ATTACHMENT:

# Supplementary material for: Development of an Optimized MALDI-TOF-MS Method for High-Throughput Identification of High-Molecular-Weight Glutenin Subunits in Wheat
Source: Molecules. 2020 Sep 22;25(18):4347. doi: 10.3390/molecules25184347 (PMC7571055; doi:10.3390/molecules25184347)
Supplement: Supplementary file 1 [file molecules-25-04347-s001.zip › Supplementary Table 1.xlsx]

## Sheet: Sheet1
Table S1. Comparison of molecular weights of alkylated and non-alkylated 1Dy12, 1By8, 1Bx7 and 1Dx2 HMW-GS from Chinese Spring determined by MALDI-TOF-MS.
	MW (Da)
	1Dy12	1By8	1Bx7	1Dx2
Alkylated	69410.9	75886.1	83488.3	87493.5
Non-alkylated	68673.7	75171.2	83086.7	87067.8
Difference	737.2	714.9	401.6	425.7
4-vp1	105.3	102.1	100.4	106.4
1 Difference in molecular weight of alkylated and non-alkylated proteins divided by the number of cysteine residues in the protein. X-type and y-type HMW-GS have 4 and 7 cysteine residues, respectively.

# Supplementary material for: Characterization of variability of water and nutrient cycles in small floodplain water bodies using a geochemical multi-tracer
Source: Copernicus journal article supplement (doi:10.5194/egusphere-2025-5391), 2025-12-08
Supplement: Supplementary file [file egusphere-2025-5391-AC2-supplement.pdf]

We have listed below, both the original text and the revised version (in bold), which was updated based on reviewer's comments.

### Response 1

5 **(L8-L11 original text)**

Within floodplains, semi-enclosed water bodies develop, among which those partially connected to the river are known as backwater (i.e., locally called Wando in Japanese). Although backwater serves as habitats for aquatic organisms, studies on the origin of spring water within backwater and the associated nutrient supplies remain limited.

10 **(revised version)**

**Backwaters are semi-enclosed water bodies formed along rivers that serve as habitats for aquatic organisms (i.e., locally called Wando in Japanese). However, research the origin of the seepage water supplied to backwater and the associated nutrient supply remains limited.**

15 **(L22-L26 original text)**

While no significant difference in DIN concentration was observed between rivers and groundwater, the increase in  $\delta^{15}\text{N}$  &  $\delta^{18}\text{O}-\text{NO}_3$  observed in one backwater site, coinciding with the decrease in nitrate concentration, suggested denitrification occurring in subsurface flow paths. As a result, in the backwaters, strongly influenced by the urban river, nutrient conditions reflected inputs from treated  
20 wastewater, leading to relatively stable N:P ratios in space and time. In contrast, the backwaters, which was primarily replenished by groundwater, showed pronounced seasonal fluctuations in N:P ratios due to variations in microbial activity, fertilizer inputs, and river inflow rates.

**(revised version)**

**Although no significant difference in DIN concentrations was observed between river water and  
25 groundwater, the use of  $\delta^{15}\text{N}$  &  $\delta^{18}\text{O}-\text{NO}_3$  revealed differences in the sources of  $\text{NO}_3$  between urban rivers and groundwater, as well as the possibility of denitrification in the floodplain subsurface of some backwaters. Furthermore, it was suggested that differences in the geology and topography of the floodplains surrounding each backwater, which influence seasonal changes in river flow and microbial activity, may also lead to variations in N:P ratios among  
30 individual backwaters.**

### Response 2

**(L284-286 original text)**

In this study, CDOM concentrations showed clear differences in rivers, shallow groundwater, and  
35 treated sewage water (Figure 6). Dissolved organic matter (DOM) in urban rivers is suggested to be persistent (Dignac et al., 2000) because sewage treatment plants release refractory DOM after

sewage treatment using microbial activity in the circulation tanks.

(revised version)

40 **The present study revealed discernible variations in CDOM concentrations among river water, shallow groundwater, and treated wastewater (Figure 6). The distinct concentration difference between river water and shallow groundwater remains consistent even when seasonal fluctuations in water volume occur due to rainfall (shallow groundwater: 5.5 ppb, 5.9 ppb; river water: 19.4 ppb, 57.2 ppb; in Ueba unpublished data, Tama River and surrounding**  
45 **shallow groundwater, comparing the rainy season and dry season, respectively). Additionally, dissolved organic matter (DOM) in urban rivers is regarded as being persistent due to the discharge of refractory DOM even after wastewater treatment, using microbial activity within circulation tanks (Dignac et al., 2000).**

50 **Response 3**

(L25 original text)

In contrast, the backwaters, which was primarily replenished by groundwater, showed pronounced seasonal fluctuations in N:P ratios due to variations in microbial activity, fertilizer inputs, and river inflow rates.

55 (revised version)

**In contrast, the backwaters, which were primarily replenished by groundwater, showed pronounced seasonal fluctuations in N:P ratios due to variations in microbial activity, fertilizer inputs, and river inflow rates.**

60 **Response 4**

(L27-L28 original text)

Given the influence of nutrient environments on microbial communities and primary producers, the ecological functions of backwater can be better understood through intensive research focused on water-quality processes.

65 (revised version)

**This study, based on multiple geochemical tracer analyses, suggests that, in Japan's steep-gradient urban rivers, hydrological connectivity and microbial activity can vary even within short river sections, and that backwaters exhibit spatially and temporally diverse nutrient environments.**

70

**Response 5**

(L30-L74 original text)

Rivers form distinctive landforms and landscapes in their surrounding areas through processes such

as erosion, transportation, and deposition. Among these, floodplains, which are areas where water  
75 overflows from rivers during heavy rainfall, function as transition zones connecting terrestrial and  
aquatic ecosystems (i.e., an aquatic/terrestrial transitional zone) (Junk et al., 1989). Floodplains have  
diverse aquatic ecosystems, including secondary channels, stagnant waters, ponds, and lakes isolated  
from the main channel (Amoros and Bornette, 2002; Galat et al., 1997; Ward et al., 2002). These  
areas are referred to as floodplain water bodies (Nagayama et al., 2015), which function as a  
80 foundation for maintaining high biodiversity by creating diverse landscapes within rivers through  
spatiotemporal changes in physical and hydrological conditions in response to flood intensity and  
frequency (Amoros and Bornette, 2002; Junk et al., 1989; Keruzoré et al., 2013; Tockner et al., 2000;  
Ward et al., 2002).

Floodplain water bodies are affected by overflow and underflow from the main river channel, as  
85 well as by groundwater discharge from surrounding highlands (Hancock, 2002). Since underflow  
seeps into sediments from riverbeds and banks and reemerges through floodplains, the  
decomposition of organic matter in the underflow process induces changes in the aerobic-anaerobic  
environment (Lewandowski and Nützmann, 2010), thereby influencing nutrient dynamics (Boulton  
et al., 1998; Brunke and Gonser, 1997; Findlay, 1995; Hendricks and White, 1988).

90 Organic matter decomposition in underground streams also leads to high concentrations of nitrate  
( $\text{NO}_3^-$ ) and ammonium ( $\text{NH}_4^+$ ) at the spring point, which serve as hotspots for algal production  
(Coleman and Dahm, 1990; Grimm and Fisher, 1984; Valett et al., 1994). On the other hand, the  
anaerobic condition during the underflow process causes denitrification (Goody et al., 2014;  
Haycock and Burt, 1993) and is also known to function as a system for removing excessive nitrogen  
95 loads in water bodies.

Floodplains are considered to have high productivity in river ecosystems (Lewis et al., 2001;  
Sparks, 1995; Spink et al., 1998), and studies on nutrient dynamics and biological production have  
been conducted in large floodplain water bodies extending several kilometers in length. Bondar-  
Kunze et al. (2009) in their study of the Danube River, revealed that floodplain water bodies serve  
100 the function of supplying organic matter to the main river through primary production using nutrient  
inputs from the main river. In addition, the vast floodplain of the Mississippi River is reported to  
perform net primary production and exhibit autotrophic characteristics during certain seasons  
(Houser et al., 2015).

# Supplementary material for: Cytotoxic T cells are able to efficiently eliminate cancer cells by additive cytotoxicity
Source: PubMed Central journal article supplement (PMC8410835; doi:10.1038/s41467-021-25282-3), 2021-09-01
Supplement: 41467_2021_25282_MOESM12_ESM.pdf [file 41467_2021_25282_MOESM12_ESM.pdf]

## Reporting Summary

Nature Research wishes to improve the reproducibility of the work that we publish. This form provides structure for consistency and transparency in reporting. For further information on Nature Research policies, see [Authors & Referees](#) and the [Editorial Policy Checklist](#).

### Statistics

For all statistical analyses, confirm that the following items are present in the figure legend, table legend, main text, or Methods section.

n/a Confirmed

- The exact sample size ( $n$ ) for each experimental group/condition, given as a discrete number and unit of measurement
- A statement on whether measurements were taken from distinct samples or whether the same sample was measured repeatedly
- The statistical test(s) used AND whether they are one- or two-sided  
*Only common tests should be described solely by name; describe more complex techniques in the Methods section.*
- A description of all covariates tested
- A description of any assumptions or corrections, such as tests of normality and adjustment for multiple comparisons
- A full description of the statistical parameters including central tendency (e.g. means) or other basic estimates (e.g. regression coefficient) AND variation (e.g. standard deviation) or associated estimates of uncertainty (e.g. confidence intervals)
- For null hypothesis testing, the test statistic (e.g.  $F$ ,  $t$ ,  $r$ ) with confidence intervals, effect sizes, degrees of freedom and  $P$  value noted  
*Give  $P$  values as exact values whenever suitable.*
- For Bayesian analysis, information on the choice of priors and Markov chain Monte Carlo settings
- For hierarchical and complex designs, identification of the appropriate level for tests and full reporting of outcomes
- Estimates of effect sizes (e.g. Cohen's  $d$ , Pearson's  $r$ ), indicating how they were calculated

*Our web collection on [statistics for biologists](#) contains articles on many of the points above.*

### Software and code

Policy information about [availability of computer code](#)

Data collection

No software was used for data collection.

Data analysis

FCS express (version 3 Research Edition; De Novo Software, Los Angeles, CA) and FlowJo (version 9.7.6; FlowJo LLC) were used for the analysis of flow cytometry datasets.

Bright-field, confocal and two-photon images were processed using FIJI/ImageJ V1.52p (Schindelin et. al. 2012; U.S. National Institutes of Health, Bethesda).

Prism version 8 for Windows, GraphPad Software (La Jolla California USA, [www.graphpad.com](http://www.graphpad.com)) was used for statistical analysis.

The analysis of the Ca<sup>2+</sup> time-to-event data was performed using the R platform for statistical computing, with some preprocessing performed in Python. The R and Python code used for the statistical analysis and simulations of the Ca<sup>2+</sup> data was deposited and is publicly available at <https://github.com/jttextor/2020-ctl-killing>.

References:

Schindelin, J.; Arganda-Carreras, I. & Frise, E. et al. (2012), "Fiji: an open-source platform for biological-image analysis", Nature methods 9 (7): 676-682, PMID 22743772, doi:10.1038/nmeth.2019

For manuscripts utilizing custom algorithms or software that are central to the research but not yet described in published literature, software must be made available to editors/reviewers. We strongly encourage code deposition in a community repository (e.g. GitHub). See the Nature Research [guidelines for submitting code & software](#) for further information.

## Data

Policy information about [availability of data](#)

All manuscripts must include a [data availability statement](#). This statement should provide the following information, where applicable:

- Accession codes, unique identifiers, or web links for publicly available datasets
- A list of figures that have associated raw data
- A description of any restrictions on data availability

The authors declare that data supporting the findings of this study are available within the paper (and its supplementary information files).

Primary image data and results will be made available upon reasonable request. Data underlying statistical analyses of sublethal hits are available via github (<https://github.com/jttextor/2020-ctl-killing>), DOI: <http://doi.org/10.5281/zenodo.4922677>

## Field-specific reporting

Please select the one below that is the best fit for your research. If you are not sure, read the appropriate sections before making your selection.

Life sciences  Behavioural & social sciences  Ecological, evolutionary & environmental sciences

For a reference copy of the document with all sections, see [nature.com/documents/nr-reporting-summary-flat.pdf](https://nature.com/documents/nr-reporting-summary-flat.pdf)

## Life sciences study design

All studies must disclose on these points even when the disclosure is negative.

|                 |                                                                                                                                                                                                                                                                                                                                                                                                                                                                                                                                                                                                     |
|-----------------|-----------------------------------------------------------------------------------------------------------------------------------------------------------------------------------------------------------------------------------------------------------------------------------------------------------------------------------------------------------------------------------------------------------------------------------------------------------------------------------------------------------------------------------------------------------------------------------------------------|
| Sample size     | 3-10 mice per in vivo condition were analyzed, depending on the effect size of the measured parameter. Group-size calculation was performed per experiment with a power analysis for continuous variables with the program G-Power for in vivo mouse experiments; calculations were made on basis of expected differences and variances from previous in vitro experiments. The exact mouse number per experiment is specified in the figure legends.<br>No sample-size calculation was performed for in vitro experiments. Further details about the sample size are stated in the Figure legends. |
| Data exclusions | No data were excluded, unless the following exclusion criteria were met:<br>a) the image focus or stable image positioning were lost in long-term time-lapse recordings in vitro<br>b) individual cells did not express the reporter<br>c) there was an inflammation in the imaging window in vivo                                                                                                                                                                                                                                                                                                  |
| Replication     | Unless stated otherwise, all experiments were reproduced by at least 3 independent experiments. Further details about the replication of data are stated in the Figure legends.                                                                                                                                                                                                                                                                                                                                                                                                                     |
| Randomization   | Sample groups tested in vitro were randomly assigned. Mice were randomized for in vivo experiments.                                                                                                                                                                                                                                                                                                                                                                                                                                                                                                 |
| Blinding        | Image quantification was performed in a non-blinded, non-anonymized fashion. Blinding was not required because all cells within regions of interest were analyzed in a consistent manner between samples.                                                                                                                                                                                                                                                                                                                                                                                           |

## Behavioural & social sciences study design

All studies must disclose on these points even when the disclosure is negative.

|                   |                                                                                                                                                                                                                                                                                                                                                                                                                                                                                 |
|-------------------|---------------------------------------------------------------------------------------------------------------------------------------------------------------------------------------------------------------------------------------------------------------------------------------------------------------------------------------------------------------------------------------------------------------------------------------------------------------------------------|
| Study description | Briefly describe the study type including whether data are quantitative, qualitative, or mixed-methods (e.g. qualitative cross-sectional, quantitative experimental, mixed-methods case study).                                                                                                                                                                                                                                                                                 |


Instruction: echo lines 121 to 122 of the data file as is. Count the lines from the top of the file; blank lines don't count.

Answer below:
Primary image data and results will be made available upon reasonable request. Data underlying statistical analyses of sublethal hits are available via github (<https://github.com/jttextor/2020-ctl-killing>), DOI: <http://doi.org/10.5281/zenodo.4922677>

## Field-specific reporting